Nerijus Brazauskas, PhD, has written a history of the destruction of the old Jewish cemetery in the Lithuanian city of Šiauliai up to 2016. The newspaper Šiaulių kraštas has published the study in Lithuanian on their website. He attempts to determine whether the former cemetery, which is state-protected heritage site, should be protected by the Šiauliai Jewish Community or whether it is a matter for the local municipal administration. He details the partial destruction of the cemetery, along with the complete destruction of the Lutheran cemetery, in the 1964-1965 period by the Soviet authorities and calls it an attempt to erase Jews from public memory. He concludes it should be restored and maintained as a sacred site of memory and says both institutional and civic efforts could be harnessed to that purpose.
Full paper in Lithuanian here.
Note: On October 3 Irena Gečienė passed away. The Lithuanian Jewish Community expresses its condolences to her daughter Jurgita and brother Eduardas.
Before the tragic losses of World War II, Joniškis in northern Lithuania was a very Jewish town known as the shtetl of Yanishok with a vibrant Jewish community. Nothing was left after the Holocaust which only a few Jews survived here, as was the case throughout Lithuania. Now only the two restored synagogues and the only living Jew recall that Yanishok.
They Donned White Armbands and Went to Shoot Jews
Irena Gečienė remembers November 27, 1944, when the war hadn’t ended yet, in the town of Žagarė.
For years now the Kaunas Jewish Community has been giving thanks to our active members who take part in activities and help make them possible.
In earlier years this has mainly taken the form of a dinner party with live music, but this year we decided to take the volunteers on a tour in and around Kaunas.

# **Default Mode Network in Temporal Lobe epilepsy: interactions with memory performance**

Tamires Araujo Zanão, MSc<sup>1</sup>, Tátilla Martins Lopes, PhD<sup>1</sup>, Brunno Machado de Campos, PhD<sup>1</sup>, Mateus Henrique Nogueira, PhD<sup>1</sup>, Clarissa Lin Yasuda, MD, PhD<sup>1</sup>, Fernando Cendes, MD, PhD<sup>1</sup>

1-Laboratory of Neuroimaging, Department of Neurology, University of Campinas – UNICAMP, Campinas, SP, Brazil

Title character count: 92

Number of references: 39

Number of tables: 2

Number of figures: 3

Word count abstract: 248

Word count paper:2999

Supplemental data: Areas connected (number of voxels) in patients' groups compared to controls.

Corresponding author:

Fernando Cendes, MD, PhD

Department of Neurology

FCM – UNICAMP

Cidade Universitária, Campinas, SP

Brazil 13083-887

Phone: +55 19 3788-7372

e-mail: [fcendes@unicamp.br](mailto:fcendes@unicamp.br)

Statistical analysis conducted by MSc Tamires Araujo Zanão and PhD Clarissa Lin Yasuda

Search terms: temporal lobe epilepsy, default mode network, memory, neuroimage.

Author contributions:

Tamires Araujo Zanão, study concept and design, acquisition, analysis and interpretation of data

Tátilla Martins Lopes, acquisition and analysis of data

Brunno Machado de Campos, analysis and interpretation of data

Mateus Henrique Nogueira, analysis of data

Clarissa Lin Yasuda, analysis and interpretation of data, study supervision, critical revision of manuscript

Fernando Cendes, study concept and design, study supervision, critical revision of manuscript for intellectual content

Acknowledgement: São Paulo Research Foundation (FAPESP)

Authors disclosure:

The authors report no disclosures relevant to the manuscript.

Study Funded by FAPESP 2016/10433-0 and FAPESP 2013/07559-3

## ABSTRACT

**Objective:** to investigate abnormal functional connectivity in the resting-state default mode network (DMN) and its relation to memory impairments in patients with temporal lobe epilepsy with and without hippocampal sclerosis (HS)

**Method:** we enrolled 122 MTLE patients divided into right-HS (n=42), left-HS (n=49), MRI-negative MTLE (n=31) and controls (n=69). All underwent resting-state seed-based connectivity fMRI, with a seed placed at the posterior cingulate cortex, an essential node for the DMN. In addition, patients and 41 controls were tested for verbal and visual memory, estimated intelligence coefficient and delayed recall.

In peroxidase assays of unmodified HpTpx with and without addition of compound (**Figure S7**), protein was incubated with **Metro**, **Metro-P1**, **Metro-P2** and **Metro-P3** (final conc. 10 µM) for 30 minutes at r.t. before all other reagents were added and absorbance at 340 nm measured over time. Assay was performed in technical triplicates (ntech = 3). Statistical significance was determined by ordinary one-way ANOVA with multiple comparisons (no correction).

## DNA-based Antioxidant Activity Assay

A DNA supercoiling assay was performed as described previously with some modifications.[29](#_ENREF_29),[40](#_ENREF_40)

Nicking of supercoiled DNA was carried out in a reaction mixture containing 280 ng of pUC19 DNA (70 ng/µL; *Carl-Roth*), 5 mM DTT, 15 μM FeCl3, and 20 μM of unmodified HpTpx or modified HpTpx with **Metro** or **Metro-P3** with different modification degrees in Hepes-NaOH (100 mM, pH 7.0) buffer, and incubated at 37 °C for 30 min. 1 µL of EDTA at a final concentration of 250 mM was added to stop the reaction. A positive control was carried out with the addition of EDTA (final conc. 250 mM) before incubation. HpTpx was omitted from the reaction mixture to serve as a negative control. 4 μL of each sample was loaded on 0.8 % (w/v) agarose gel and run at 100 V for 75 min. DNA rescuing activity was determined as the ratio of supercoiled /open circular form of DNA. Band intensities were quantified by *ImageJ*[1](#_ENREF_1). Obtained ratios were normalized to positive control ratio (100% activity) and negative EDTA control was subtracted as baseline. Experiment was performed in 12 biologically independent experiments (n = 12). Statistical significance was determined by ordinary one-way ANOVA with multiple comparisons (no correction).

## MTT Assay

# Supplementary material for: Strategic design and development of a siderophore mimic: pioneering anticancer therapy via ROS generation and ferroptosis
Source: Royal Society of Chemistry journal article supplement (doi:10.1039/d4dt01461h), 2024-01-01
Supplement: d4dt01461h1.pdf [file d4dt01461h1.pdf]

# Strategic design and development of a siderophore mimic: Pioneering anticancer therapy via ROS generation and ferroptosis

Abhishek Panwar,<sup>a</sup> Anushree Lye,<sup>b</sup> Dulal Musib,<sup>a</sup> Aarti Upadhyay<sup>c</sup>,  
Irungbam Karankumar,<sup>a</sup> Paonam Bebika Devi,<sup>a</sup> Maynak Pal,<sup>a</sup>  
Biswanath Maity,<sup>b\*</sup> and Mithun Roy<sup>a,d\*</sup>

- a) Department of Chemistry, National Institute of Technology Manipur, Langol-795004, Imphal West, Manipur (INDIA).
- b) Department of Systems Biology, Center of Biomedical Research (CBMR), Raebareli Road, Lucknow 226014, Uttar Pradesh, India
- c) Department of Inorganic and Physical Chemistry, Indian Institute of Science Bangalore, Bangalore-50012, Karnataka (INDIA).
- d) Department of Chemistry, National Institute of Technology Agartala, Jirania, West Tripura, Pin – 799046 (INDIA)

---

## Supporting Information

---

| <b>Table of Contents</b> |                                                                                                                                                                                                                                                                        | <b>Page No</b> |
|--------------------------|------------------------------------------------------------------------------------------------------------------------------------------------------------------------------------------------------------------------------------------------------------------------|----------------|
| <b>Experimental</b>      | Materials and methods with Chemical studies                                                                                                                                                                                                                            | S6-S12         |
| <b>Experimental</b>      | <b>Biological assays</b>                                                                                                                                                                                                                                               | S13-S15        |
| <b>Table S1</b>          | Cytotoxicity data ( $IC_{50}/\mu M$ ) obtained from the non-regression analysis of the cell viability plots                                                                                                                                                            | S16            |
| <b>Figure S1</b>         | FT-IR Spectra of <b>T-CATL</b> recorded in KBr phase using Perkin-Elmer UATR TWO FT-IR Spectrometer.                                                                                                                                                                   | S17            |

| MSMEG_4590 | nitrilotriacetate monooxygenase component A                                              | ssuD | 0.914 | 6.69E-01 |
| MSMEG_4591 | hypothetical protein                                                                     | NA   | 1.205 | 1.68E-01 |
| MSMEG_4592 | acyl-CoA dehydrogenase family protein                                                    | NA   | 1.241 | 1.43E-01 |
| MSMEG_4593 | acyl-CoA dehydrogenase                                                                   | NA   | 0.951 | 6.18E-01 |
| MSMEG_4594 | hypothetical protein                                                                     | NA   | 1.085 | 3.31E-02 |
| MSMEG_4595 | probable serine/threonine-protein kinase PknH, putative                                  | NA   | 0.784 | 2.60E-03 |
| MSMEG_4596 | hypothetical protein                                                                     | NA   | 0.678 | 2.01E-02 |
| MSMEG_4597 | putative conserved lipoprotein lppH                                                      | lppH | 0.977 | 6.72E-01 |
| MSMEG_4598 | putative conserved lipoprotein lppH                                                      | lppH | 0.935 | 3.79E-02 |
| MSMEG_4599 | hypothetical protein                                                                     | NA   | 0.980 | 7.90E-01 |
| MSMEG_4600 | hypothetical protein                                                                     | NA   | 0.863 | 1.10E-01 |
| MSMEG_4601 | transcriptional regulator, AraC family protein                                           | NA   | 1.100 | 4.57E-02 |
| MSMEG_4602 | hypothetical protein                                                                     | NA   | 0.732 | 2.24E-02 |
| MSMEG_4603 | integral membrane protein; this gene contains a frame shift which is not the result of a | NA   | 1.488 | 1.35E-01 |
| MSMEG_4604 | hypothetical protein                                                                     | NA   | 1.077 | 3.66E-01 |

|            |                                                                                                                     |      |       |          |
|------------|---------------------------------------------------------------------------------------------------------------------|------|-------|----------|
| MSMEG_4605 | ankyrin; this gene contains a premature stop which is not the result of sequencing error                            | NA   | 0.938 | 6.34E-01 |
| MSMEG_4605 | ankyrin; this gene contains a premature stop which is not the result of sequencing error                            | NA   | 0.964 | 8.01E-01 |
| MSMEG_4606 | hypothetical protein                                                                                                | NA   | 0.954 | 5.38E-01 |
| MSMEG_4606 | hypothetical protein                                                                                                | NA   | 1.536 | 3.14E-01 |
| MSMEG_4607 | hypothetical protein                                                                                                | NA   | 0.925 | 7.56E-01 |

Members learned about the town of Kačerginė, its history and cultural legacy, listening to the enthusiastic narrative of Lina Sinkevičienė while taking in the rural beauty of the place. Members were received warmly at the headquarters of the Kačerginė aldermanship. The beautiful landscape conceals a bloody history and Kaunas Jewish Community members paid their respects to the Holocaust victims in Šakiai, Lukšiai, Zapyškis and surrounding areas.
Early in the morning on September 14 we went to the Pakruojis synagogue, where we were met by a cultural worker who received us warmly and spoke about the wooden synagogue built by the local Jewish community in 1801. Its function changed and it became a primary school as well as a house of prayer. After the Holocaust the synagogue was nationalized. During the Soviet period it was a theater, then an athletics gymnasium. The unique building fell into disrepair and ruin. In 2017 the synagogue was restored with its authentic interior, according to period photographs, which show playful drawings on the ceiling. Currently the synagogue serves as a space for cultural and other events. The second floor–the women’s gallery–houses an exhibit on the Jewish past, along with examples of the original walls.